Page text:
Whatever you need to tell yourself to buy an iPad, we can safely say the device is a worthwhile addition to any wired home. We don't give much weight to the pundits who say that the iPad is the future of the personal computer, but we think it's the most entertaining gadget we'll see all year.… Read more
The CNET New York office is typically a tame environment--unless it happens to be the eve of a big Apple product drop and turns into pure unapologetic madness! It's the day before the release of the much-anticipated Apple iPad and Natali picked one up this morning for a CBS News segment, but little does she know The 404 has our own version, and it's bigger, cheaper, and even comes with its own stylus! Unfortunately, we can't do a side-by-side comparison because the real iPad is currently submerged in a puddle of Wilson's saliva, but we'll try to get the thing in the studio for Monday's show, pending a serious wipedown.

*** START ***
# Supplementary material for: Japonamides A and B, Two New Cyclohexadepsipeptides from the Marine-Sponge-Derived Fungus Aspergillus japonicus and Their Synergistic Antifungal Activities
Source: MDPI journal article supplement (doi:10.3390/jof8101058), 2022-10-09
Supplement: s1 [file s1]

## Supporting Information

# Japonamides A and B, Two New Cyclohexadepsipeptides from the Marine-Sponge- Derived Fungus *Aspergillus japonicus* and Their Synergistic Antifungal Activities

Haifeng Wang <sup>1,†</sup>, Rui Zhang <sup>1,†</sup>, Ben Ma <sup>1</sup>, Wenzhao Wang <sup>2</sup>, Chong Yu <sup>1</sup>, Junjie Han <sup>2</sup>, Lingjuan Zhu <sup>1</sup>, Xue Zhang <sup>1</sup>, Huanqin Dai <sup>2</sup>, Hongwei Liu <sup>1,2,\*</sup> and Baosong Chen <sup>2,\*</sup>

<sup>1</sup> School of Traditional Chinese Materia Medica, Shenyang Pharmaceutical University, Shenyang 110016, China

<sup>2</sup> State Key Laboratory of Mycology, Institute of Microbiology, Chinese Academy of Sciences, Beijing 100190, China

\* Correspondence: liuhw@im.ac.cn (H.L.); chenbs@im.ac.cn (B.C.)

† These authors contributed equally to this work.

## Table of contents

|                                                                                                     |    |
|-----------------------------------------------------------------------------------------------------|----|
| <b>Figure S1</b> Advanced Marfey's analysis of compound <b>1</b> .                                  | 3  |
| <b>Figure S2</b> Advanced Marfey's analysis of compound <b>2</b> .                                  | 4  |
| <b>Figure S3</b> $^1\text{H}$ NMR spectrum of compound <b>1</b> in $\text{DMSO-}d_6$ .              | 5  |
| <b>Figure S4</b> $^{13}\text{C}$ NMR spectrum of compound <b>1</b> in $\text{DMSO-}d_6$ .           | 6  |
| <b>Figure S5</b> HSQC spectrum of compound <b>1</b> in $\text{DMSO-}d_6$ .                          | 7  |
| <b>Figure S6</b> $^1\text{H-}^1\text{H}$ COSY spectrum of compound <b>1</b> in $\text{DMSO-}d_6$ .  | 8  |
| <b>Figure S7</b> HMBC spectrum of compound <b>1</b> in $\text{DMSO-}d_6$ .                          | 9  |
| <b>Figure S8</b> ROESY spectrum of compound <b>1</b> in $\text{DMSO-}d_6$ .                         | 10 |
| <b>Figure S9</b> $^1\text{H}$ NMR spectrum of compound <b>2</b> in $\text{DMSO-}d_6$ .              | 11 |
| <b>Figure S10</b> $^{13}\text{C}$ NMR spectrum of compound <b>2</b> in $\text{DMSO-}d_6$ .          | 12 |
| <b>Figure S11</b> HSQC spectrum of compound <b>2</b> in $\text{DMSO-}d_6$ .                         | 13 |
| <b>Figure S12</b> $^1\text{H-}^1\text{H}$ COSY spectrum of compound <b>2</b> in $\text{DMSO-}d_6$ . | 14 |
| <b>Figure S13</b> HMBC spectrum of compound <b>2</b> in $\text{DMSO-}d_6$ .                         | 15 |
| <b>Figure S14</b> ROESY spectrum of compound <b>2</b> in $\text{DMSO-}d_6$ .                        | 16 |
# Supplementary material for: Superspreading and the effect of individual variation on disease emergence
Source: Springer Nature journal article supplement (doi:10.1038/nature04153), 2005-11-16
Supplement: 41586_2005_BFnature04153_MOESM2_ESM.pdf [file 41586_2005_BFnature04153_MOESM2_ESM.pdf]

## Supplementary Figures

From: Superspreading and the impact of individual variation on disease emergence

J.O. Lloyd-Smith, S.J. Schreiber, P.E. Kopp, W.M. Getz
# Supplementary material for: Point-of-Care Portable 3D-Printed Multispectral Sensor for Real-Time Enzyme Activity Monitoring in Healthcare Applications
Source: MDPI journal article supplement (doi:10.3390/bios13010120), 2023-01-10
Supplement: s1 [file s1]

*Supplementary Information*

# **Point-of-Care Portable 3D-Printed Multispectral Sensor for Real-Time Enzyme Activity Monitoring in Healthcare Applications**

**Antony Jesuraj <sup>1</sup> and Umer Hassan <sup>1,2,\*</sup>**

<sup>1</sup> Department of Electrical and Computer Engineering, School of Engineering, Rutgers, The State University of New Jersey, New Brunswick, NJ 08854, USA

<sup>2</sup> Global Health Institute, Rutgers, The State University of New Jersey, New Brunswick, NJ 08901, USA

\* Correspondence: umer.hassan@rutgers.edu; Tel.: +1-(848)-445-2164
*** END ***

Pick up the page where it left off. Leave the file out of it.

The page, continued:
Jeff and I are still disappointed by the lack of features on the iPad, but we can't shrug off the awesome-factor of the new Netflix for iPad app that dropped yesterday. Some disregarded it as a cruel April Fools' joke, but it is indeed available now on the App Store. The service is free to all Netflix customers, who will now have mobile access to more than 20,000 movies and television shows currently in the library. You can even continue watching movies from where you left off on your TV or computer at home.
We can already sense your irritation at all this iPad talk, so let's move on. Sending dirty text messages to your boo bear isn't just for professional golfers and tweens anymore. Studies show that more and more adults are using "sexting" to get nasty on the run, so we're running down a list of five tips for safe sexting. The list is cheeky, and while we agree that the No. 1 tip is to be discreet, the article neglects to address the wonderful world of multimedia messages that can add a visual aid to your naughty text.
Guess we know what you're doing this weekend! And after you do that, shoot us a line by leaving a voicemail at 1-866-404-CNET or send a message to the404(at)cnet(dot)com and let us know what's on your mind!EPISODE 551 Subscribe in iTunes audio | Suscribe to iTunes (video) | Subscribe in RSS Audio | Subscribe in RSS Video… Read more